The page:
Director Anup Singh has a knack for creating aesthetically captivating films with slow-burning stories, that shock the viewer with surprises at the most unexpected moments.
His latest The Song Of Scorpions which screened at this year’s BFI London Film Festival (October 4-15) stays true to this form and is a fine follow up to Qissa: The Tale Of A Lonely Ghost.
Both films star Irrfan Khan in the male lead and both have an ethereal, fairytale like visual quality with washed out colourisation: only this time Punjab is swapped for the vast, barren Thar desert of Rajasthan.
Here we meet Aadam (Irrfan Khan) a camel peddler who is obsessed with Nooran a local scorpion singer played by Iranian actress Golshifteh Farahani.
In these lands it is believed that when a person is bitten by a scorpion, they may die within 24 hours unless a scorpion singer sings to them, giving Nooran and her grandmother a mythical-like status in the community.
The landscape is by far the star of the film thanks to endless views of desolate sand dunes. The scene is set for a perfect romance and yet Anup goes against the conventional. Instead of the melodic union we crave between these two lonely souls, he gives us a version of events with a far more harrowing outcome. The story has dark elements, which though begin as subtle, culminate in twists that sting as sharply as a scorpion bite itself.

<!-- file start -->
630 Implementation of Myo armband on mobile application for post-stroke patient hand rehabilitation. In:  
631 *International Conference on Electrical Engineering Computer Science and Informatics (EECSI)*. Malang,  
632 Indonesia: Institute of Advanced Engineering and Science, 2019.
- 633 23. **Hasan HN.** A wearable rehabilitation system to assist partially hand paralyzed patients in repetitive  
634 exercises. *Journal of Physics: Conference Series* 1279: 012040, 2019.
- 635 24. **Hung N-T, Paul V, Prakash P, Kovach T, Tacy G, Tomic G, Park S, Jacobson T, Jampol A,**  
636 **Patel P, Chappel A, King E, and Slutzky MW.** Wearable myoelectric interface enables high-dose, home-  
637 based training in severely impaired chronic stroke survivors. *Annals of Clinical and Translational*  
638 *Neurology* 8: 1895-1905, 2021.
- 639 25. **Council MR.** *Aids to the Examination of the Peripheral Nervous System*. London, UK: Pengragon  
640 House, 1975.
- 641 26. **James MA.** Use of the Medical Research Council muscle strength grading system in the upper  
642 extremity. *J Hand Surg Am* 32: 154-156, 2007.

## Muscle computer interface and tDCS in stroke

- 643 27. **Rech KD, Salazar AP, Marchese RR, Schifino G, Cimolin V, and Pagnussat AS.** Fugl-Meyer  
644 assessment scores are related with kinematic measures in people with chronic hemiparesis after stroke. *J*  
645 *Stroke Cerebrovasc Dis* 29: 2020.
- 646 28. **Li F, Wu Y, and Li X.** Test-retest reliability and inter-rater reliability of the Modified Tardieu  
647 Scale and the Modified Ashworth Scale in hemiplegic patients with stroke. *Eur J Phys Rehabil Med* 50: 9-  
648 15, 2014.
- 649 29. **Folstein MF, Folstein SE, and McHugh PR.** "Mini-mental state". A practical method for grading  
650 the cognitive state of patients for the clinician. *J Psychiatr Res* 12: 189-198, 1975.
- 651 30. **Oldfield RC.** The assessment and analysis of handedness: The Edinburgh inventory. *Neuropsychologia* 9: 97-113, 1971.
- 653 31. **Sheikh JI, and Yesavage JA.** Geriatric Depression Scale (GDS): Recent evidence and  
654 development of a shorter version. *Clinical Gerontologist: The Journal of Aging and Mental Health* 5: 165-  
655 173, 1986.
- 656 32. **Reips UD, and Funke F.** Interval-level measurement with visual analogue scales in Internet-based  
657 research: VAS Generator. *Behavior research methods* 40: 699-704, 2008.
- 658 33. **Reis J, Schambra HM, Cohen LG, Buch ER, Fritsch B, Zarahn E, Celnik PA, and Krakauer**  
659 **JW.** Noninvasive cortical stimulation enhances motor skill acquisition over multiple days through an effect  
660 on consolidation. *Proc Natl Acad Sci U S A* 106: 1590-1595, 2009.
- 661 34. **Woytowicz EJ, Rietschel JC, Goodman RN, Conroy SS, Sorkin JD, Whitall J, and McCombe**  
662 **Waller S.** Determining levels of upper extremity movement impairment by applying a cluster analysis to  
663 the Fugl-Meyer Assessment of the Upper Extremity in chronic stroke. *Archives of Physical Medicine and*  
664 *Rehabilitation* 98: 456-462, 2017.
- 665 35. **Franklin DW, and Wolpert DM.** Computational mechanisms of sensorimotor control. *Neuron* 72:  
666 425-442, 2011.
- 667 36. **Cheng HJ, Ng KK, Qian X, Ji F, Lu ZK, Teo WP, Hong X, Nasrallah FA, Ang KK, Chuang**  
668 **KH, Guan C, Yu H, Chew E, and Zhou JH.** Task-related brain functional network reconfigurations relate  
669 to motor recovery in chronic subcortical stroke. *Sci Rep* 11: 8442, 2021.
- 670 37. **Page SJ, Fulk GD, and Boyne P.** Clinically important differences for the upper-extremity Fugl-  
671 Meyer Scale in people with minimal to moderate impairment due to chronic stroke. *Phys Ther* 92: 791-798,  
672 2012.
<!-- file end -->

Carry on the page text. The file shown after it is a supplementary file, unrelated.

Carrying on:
Irrfan’s character begins likeable but as the story progresses, his flaws unravel, which he plays with ease; though it’s never pleasant to watch such a likeable, familiar actor play negative roles.
Golshifteh is one of the most versatile actresses in modern film. Her global looks lend themselves to playing international roles and her portrayal of an Indian desert girl is utterly believable, confirming she is an actress who can never be typecast.
Though the film is slow and at times confusing, the overall package is a movie that is clever, original and refreshing and hopefully Anup Singh will continue to make films like this, that reflect his own inimitable style.
This review originally appeared on Asian Culture Vulture and has been kindly reproduced with their permission.